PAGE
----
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The ‘Evil’ Silent Episode Is One of the Year’s Most Thrilling Hours of TV

With barely any dialogue, the thrilling Paramount+ show made a standalone standout, all set at a monastery plagued by something mysterious.

Pictured Kenneth Tigar as Father Winston of the Paramount+ series EVIL.Photo: Elizabeth Fisher/CBS ©2021Paramount+ Inc. All Rights Reserved.


Elizabeth Fisher/CBS

[This post originally appeared as part of Recommendation Machine, IndieWire’s daily TV picks feature.]

Where to Watch “Evil: Paramount+

“S Is for Silence,” Episode 7 of Season 2 of “Evil,” isn’t completely without words. Sure, most of it takes place at a cloistered monastery, where the priests and nuns who reside there claim to have not spoken a word for decades. But after walking a formal tightrope for two-thirds of the runtime, the show’s main investigative trio ducks out of the enclave’s boundaries for a quick, whispered huddle.

It’s something that clues you into the fact that the no-talking framework is less an arbitrary constraint and more a genuine attempt at understanding how the primary folks on “Evil” each respond to a tiny self-contained universe where they’re not allowed to voice anything.

Ostensibly, the group is brought out to investigate some mysterious activity happening on the monastery grounds. But before long, it’s not just other unusual discoveries that send some minds reeling. David (Mike Colter), on the verge of becoming a priest, is left with only his thoughts, leading to some of the greatest subtitles in TV history. Kristen (Katja Herbers) bonds with one of the nuns there, as they both parse out the physical marks their daily concerns leave on them. All the while, the team’s de facto expert skeptic Ben (Aasif Mandvi) dives into research without his usual full complement of tools.

The tiny details in “S Is for Silence” — an episode written by series creators Michelle and Robert King and directed by the latter — are a trove of practical effects. How do you alert people to danger in a place largely devoid of electricity and where people can’t shout? You have a haunting system of stick clapping. Do you get Vatican-issued notepads to communicate with guests? No, you grab some branded magic erase pads, probably a donation or picked up for free from some local rummage sale. And barricading a door with a chair or seeing claw marks on wood are such primal indicators that little else needs to be added to make this at least a somewhat-ominous trip.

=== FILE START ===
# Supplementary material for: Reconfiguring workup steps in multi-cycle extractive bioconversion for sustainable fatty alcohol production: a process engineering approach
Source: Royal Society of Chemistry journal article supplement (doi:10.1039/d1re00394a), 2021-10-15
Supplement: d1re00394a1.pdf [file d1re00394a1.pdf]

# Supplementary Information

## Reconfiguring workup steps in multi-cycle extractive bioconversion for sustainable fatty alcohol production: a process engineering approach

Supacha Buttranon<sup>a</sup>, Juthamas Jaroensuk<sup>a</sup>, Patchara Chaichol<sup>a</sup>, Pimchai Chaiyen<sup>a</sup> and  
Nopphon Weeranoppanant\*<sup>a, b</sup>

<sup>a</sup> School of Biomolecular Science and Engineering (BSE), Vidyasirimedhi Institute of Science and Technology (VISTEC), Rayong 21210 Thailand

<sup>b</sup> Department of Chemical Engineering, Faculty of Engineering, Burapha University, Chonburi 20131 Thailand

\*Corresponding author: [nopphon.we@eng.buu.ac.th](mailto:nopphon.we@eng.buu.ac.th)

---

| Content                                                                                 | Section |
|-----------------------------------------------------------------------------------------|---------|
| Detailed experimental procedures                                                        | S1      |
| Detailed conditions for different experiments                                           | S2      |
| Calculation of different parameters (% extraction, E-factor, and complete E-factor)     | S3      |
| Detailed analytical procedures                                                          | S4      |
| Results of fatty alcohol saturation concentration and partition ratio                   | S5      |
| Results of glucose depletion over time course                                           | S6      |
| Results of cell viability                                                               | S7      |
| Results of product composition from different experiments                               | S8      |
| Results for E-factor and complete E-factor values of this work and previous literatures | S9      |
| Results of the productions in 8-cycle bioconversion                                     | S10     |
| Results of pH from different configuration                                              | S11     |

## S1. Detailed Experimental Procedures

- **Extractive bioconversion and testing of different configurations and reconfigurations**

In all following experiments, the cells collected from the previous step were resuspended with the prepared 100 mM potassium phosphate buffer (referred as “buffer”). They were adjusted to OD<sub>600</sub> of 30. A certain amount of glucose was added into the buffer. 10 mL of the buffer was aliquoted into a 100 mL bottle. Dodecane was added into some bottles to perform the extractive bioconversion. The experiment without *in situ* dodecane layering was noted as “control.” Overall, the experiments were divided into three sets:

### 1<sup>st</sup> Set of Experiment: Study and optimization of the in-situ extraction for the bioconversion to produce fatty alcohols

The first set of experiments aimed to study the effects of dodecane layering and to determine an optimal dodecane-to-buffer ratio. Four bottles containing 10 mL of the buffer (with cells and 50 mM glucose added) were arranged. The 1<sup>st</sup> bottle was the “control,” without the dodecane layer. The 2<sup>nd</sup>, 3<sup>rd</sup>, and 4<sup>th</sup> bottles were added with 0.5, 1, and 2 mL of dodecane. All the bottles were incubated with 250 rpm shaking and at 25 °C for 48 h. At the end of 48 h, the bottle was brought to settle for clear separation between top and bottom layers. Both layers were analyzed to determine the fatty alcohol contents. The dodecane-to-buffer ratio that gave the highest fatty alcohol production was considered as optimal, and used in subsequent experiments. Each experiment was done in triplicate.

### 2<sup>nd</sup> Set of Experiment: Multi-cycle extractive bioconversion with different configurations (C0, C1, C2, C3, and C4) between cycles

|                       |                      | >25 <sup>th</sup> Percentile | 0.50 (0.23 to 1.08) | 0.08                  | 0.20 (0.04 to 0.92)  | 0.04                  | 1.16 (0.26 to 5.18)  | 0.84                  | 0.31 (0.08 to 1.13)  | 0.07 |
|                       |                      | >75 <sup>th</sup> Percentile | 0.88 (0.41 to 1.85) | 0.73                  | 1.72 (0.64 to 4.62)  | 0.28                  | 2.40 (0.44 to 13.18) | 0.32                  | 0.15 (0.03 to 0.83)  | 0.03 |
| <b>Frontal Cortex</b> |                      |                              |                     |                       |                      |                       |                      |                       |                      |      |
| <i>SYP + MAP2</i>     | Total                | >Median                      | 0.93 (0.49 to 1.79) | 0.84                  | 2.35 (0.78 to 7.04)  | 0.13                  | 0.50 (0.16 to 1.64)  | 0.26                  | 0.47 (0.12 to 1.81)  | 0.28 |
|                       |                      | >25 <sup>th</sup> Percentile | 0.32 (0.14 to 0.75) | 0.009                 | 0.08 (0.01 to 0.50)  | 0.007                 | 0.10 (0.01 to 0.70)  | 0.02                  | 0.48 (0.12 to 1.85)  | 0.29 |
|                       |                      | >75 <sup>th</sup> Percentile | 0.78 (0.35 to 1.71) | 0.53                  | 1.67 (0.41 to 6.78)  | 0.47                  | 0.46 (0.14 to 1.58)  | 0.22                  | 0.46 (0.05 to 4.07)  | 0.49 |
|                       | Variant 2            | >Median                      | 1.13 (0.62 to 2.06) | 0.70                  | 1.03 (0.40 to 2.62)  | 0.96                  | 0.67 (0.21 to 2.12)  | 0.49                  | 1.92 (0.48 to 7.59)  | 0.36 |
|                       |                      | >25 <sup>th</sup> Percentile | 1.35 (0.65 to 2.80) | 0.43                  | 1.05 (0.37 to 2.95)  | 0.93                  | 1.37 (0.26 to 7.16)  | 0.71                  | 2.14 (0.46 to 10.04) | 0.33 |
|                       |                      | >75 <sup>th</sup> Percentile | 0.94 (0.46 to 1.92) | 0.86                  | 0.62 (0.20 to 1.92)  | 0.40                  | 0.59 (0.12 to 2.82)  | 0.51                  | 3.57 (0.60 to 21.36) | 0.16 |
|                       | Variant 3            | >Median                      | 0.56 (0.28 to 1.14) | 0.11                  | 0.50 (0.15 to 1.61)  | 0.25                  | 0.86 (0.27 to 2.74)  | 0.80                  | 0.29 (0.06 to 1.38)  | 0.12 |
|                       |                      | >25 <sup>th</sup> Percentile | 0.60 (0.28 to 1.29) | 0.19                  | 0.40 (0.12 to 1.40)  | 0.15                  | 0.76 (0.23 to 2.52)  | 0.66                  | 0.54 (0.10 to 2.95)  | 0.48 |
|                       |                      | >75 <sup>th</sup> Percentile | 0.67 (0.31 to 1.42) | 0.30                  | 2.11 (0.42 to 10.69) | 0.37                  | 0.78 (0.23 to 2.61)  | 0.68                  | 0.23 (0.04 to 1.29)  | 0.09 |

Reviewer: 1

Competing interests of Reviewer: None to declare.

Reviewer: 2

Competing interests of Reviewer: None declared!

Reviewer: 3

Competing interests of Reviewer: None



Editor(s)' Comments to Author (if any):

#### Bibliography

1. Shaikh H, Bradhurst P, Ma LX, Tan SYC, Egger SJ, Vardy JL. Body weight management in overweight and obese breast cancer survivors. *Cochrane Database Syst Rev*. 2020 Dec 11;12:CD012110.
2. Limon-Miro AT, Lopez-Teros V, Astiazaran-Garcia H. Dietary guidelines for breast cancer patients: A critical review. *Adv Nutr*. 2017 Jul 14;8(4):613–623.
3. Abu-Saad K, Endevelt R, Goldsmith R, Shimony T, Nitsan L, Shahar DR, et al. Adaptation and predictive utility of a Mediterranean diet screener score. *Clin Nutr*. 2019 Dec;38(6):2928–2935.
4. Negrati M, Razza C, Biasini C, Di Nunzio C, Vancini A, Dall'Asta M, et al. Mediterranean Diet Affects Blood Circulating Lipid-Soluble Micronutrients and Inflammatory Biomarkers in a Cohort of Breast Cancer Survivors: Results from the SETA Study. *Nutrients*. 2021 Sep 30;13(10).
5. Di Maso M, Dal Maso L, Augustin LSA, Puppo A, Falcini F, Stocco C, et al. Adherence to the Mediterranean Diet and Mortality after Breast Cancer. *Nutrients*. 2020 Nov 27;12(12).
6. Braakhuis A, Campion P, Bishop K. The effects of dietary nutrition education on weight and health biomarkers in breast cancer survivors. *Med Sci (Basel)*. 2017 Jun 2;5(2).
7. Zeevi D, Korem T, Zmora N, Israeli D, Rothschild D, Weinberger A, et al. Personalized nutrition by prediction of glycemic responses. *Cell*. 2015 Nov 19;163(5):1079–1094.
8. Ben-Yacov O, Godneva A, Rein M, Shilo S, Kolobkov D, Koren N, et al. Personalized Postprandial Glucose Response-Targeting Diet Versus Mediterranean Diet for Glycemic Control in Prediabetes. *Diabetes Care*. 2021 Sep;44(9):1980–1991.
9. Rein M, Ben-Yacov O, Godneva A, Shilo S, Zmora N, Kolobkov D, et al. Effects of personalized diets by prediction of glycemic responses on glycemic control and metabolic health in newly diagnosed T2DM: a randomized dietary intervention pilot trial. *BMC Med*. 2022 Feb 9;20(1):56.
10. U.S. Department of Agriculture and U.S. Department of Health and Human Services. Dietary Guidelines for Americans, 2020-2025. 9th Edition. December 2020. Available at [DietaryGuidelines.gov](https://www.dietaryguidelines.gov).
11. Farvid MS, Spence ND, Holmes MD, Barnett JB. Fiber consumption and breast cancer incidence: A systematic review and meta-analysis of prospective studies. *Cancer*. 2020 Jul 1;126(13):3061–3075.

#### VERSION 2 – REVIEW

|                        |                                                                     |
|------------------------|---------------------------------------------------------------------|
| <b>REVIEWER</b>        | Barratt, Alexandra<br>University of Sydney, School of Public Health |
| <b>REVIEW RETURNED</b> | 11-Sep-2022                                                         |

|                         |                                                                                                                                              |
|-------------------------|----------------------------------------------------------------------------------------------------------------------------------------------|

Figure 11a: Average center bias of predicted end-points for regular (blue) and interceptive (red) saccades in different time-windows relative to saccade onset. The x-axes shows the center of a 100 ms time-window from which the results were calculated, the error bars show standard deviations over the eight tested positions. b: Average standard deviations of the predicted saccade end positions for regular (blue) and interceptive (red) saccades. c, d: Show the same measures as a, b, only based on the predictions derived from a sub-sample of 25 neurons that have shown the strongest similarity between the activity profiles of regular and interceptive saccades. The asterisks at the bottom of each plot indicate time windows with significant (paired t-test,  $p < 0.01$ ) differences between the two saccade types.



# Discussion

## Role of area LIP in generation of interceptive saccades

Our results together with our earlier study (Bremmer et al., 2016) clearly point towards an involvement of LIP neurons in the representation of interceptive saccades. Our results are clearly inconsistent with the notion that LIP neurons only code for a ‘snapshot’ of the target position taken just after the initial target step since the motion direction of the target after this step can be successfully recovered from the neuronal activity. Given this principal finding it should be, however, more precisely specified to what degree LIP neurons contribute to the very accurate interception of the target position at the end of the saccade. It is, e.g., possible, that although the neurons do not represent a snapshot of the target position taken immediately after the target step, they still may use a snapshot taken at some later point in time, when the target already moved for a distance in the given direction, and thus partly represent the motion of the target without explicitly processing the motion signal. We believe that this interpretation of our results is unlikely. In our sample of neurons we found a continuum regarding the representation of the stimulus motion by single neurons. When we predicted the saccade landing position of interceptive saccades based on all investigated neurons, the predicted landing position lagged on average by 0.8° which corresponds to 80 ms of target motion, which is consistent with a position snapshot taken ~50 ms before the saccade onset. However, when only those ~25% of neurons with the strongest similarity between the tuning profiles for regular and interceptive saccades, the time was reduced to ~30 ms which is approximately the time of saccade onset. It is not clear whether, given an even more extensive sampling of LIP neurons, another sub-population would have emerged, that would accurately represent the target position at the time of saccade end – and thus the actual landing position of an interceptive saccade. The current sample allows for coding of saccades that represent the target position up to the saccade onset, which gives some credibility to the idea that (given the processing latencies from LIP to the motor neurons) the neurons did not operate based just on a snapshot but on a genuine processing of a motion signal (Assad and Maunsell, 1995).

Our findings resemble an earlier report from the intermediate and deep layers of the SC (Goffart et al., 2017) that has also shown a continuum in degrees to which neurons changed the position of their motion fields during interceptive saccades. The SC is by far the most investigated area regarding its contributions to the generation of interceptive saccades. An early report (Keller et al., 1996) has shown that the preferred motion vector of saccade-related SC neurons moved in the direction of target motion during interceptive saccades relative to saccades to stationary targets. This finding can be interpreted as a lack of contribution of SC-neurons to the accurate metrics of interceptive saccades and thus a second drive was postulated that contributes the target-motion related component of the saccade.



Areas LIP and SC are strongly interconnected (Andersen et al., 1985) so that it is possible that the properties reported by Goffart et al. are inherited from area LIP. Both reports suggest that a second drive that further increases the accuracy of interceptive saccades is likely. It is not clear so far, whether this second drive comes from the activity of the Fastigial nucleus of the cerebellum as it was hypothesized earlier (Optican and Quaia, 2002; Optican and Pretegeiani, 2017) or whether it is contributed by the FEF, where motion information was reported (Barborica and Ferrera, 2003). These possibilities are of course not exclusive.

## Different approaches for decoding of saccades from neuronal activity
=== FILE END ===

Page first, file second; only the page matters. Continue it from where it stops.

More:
Over its opening two seasons (with a third on the way, mercifully), “Evil” has seen its internal mythology grow deeper with each passing week. It’s episodes like this one, finding the perfect balance between personal trials and the larger forces at work in the series, that make up the best “Evil” stretches. So, even without the many hours of seeing David struggle with whether or not he’s fit for the priesthood, or knowing what drastic action is causing Kristen so much guilt, “S Is for Silence” exists as a thoughtful, eerie standalone. As much fun as this show has with jargon and lore, it’s great to see it cut through all that to prove there’s something just as strong underneath.

Though the initial thing that brings Kristen, David, and Ben to the monastery is a perfectly preserved dead body, the eventual reveal of what’s been plaguing the area is as stomach-churning as “Evil” gets. (And this is a show that went awfully dark four episodes into its CBS run.) Yet, it’s a testament to the show’s emotional equilibrium that episodes like this can find plenty of room for levity, too. Toss in some wine barrel antics in amongst the crucifix wounds and you have a show that can do pretty much anything, even without saying a word.

Pair it With: There’s no shortage of other stories, fictional or otherwise, set at various religious institutions. But for one that’s episode-length and also gets at the balance between two different ways of life, try “God is the Bigger Elvis” on HBO Max. The Oscar-nominated short doc gives the first-person account of Dolores Hart, who left her career as an emerging film star to become a nun.

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